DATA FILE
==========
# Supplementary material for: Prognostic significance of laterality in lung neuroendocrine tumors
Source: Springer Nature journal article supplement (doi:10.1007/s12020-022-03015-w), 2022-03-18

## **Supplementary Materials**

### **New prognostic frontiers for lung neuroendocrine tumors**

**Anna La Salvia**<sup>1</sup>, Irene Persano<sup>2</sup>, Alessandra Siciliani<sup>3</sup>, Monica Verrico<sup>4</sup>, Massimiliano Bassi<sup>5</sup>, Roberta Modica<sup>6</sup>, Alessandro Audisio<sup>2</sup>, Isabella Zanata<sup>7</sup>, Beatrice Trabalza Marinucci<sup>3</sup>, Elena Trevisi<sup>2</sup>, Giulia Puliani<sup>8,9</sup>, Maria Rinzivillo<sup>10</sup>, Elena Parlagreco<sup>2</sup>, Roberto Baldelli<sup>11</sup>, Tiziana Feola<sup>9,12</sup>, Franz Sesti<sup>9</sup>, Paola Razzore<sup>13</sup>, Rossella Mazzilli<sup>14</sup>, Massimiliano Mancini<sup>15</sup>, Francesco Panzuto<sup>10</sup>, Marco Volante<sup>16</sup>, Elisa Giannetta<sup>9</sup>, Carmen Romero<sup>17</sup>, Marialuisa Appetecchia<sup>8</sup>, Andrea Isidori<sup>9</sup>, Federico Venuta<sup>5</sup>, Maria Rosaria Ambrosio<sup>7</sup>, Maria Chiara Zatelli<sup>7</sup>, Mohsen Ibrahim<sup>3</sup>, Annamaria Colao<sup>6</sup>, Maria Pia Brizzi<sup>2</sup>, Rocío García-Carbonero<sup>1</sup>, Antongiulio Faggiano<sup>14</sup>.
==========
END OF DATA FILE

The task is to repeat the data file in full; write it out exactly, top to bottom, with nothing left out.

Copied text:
# Supplementary material for: Prognostic significance of laterality in lung neuroendocrine tumors
Source: Springer Nature journal article supplement (doi:10.1007/s12020-022-03015-w), 2022-03-18

## **Supplementary Materials**

### **New prognostic frontiers for lung neuroendocrine tumors**

**Anna La Salvia**<sup>1</sup>, Irene Persano<sup>2</sup>, Alessandra Siciliani<sup>3</sup>, Monica Verrico<sup>4</sup>, Massimiliano Bassi<sup>5</sup>, Roberta Modica<sup>6</sup>, Alessandro Audisio<sup>2</sup>, Isabella Zanata<sup>7</sup>, Beatrice Trabalza Marinucci<sup>3</sup>, Elena Trevisi<sup>2</sup>, Giulia Puliani<sup>8,9</sup>, Maria Rinzivillo<sup>10</sup>, Elena Parlagreco<sup>2</sup>, Roberto Baldelli<sup>11</sup>, Tiziana Feola<sup>9,12</sup>, Franz Sesti<sup>9</sup>, Paola Razzore<sup>13</sup>, Rossella Mazzilli<sup>14</sup>, Massimiliano Mancini<sup>15</sup>, Francesco Panzuto<sup>10</sup>, Marco Volante<sup>16</sup>, Elisa Giannetta<sup>9</sup>, Carmen Romero<sup>17</sup>, Marialuisa Appetecchia<sup>8</sup>, Andrea Isidori<sup>9</sup>, Federico Venuta<sup>5</sup>, Maria Rosaria Ambrosio<sup>7</sup>, Maria Chiara Zatelli<sup>7</sup>, Mohsen Ibrahim<sup>3</sup>, Annamaria Colao<sup>6</sup>, Maria Pia Brizzi<sup>2</sup>, Rocío García-Carbonero<sup>1</sup>, Antongiulio Faggiano<sup>14</sup>.